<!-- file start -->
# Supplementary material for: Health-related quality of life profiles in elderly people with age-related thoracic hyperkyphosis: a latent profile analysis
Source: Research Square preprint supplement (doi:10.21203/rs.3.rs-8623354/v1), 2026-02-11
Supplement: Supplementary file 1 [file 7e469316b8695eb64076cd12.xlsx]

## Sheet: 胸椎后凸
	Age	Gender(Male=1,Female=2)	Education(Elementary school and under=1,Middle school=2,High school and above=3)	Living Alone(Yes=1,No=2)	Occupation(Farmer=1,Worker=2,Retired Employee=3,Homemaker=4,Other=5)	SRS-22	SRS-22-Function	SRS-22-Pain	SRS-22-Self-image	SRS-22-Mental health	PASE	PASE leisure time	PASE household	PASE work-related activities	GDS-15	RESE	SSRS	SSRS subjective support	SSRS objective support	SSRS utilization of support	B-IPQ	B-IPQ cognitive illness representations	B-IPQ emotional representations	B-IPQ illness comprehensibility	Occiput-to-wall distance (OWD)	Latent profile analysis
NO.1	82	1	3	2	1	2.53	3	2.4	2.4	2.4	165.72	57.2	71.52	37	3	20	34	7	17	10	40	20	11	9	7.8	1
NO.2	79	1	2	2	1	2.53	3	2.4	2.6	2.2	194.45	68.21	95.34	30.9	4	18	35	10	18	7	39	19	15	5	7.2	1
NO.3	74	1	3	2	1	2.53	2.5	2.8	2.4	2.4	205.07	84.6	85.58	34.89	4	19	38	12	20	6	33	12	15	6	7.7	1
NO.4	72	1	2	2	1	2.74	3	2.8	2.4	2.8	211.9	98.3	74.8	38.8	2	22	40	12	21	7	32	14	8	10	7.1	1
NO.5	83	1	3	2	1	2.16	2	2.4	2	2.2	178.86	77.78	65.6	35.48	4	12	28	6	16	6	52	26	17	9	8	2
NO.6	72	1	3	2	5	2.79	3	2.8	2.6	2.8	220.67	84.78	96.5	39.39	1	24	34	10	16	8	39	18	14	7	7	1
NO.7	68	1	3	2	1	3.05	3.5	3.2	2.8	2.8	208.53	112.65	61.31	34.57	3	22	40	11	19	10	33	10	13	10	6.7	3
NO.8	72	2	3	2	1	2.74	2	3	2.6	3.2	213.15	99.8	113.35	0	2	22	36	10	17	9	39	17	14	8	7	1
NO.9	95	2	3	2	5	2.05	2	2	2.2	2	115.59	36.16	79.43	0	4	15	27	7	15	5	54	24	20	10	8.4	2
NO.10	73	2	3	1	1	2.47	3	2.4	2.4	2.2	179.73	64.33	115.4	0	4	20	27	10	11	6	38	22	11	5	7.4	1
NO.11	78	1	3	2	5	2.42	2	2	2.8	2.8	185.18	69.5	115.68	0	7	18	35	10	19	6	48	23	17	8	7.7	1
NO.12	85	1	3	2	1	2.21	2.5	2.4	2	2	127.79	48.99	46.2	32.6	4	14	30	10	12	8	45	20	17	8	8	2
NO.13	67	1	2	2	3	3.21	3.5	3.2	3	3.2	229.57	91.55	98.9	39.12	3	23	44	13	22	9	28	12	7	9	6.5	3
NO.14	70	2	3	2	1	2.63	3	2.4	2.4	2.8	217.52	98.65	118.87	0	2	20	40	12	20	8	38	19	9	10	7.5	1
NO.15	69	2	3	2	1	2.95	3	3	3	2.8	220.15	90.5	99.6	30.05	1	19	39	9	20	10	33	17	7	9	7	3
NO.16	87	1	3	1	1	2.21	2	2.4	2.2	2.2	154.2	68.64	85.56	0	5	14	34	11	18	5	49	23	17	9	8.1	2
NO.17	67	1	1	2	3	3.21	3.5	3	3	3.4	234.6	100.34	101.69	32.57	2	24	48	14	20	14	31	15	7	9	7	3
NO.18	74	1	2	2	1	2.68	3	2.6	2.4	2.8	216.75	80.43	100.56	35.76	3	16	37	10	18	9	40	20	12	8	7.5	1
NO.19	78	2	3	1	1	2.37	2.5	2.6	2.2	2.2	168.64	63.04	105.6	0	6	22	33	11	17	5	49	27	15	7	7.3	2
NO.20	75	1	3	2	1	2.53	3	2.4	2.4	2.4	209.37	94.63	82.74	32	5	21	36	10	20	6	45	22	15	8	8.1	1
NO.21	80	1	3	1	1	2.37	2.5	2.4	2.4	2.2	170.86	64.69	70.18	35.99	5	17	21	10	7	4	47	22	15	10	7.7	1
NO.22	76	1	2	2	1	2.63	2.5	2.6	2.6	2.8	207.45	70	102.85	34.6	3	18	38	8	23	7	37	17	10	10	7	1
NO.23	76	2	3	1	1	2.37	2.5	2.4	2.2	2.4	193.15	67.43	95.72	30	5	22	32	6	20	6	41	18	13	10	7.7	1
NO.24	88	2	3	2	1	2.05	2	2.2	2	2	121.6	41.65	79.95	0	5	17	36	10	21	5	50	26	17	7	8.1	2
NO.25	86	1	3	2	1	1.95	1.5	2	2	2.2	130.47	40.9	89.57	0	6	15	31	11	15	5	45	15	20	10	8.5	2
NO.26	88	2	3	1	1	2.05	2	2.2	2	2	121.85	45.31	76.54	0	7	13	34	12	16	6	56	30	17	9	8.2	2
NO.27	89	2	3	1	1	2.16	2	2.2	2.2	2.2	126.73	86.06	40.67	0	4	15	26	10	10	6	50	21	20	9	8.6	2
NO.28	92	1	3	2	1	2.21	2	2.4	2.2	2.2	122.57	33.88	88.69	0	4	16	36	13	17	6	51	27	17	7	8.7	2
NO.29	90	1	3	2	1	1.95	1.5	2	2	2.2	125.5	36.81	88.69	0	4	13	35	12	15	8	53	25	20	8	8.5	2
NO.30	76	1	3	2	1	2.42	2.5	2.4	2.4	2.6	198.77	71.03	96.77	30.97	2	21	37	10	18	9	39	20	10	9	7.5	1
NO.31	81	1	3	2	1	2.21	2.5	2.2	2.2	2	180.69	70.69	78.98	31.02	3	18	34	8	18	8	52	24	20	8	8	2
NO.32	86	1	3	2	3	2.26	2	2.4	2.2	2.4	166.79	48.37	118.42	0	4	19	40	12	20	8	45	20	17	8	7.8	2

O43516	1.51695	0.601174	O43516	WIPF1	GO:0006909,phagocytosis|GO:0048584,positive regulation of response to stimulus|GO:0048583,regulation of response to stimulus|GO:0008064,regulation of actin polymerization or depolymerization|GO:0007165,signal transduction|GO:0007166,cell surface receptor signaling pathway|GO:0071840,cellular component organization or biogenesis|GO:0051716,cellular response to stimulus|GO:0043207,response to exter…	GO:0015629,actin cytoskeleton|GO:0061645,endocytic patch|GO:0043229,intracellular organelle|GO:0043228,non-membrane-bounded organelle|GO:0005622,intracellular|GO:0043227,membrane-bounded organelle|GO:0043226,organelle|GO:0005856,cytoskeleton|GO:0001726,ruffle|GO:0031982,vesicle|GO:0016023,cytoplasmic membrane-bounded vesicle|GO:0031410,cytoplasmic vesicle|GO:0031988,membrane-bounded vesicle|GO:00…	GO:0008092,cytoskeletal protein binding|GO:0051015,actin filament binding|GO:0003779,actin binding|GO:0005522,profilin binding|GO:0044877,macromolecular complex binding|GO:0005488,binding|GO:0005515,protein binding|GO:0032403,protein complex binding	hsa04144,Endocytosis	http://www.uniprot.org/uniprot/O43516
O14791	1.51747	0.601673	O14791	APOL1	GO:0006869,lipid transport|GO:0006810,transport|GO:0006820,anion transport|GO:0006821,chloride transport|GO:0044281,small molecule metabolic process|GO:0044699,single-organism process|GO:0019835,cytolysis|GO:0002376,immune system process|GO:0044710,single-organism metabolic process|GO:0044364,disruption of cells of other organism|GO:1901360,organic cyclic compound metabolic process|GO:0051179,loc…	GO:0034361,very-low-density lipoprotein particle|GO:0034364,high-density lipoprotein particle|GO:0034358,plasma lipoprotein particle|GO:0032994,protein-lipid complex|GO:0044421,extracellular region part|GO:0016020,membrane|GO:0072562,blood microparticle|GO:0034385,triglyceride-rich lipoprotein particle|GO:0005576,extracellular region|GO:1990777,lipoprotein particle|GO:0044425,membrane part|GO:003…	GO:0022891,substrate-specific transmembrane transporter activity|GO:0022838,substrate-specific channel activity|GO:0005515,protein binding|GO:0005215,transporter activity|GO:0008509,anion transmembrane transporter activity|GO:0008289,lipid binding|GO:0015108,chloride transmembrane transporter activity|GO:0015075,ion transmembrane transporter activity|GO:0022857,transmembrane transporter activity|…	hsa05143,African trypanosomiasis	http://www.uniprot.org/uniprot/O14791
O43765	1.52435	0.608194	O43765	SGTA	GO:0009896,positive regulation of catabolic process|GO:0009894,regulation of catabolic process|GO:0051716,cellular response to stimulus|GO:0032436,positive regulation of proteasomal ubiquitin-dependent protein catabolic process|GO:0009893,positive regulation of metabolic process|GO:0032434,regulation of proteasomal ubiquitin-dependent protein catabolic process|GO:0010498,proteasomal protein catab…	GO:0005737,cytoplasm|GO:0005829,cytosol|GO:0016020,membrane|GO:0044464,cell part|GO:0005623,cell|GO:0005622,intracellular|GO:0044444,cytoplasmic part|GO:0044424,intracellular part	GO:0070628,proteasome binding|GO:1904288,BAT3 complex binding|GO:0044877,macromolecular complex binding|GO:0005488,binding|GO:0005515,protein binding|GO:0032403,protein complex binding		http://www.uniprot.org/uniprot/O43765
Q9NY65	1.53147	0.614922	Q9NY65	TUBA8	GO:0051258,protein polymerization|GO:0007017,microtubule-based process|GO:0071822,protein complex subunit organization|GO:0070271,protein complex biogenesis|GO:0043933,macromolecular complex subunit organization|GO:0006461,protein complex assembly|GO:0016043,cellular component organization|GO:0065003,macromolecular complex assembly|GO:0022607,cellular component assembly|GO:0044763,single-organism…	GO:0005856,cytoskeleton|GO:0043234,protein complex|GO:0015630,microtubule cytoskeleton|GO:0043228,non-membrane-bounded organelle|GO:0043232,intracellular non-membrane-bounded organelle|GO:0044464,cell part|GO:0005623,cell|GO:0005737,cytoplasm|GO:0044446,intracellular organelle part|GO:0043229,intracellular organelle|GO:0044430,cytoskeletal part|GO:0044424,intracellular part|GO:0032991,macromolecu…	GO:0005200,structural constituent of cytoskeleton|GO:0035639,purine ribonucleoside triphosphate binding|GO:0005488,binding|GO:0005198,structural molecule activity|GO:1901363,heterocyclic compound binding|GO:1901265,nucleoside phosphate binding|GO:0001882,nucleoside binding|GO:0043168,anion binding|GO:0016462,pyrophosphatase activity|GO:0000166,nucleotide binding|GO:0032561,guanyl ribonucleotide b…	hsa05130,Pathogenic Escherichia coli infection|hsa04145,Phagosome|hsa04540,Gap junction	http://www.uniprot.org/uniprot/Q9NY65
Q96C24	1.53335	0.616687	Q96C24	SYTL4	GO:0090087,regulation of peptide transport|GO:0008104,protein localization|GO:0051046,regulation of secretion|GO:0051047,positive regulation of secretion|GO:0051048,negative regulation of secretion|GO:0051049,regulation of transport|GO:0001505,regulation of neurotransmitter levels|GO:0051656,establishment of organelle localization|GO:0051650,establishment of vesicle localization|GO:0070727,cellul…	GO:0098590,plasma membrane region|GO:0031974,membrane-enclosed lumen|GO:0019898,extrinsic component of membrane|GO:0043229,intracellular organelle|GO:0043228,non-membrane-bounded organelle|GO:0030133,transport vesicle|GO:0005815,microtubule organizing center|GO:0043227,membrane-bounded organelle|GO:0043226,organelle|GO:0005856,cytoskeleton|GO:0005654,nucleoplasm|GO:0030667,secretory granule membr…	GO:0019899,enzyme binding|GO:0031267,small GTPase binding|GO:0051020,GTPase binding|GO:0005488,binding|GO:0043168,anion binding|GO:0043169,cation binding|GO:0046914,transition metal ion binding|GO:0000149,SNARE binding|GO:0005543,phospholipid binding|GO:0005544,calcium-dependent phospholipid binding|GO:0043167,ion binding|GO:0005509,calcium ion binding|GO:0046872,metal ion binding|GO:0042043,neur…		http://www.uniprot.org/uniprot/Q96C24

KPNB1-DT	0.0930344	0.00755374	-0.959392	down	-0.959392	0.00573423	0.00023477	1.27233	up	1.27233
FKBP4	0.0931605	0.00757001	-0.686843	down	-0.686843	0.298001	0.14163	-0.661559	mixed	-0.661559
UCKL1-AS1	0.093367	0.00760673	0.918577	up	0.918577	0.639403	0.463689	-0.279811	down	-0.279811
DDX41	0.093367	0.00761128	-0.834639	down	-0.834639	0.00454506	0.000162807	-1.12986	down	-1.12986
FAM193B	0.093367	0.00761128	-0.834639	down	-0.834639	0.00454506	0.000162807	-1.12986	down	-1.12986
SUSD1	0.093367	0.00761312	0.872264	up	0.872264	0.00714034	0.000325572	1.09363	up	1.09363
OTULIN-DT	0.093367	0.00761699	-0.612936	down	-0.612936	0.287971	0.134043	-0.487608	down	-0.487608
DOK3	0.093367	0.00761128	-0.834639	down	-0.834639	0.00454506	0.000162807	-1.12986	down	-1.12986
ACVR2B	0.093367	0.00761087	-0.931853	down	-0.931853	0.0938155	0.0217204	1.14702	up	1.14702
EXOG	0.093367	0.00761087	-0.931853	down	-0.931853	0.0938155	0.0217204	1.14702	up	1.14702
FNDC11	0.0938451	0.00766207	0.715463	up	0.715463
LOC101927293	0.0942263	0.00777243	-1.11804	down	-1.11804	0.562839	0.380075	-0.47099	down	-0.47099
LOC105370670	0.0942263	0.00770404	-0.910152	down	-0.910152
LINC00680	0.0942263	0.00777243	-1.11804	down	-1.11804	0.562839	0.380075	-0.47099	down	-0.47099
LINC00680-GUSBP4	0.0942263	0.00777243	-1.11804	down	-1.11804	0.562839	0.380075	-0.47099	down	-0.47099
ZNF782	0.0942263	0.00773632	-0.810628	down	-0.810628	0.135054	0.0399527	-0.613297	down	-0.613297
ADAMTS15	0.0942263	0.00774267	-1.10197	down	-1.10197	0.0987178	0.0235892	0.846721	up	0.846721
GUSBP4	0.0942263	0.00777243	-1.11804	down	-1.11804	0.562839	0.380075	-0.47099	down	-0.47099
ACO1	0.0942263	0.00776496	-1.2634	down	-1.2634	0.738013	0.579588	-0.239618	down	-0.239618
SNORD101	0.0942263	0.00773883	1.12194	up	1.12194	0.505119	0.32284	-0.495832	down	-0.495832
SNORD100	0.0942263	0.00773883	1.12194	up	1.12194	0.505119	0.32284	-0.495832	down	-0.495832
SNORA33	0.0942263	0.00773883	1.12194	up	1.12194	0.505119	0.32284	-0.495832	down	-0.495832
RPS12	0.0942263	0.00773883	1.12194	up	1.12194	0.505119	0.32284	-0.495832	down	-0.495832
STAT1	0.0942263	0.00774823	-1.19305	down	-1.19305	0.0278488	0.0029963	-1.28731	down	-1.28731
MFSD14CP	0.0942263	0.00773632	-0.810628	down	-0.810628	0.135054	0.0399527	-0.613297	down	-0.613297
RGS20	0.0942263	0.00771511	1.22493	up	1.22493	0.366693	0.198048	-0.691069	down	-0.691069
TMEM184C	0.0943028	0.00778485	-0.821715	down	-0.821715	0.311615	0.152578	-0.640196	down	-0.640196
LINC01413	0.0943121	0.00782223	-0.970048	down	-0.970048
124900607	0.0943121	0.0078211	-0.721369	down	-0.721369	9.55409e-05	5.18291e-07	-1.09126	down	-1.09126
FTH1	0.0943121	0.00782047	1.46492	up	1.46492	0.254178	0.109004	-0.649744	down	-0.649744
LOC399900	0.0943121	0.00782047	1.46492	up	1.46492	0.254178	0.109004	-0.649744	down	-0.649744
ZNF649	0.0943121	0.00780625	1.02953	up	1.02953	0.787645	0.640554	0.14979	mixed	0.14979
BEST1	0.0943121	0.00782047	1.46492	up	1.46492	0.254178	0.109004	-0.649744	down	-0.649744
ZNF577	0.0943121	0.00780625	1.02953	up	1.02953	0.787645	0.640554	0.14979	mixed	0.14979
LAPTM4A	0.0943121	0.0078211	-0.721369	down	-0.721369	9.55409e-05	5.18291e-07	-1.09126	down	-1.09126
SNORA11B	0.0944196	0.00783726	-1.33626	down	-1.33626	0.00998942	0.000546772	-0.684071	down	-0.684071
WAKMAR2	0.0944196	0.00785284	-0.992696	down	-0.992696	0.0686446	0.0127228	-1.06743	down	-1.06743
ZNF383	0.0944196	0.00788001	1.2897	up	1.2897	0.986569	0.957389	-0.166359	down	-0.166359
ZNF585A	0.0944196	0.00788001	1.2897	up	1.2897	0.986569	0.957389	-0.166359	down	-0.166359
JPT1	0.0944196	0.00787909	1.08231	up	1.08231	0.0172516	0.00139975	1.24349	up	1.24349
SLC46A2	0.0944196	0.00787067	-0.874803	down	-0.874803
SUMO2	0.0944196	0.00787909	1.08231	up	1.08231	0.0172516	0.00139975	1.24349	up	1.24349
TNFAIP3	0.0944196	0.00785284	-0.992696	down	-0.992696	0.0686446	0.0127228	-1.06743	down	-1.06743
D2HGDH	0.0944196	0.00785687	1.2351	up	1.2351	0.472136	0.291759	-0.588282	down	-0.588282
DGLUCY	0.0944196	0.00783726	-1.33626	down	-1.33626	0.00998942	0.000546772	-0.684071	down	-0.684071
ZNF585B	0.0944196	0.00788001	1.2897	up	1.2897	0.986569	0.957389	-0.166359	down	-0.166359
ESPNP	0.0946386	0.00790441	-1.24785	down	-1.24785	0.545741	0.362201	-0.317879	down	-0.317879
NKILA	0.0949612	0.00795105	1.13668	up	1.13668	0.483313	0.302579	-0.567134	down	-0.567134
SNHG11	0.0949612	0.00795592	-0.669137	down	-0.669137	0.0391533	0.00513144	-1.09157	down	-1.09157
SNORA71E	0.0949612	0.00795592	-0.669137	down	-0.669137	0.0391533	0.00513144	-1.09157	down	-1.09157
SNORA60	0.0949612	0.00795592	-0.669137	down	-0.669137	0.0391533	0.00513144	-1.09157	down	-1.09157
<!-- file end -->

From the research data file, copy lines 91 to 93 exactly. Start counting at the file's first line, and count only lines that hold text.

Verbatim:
SNHG11	0.0949612	0.00795592	-0.669137	down	-0.669137	0.0391533	0.00513144	-1.09157	down	-1.09157
SNORA71E	0.0949612	0.00795592	-0.669137	down	-0.669137	0.0391533	0.00513144	-1.09157	down	-1.09157
SNORA60	0.0949612	0.00795592	-0.669137	down	-0.669137	0.0391533	0.00513144	-1.09157	down	-1.09157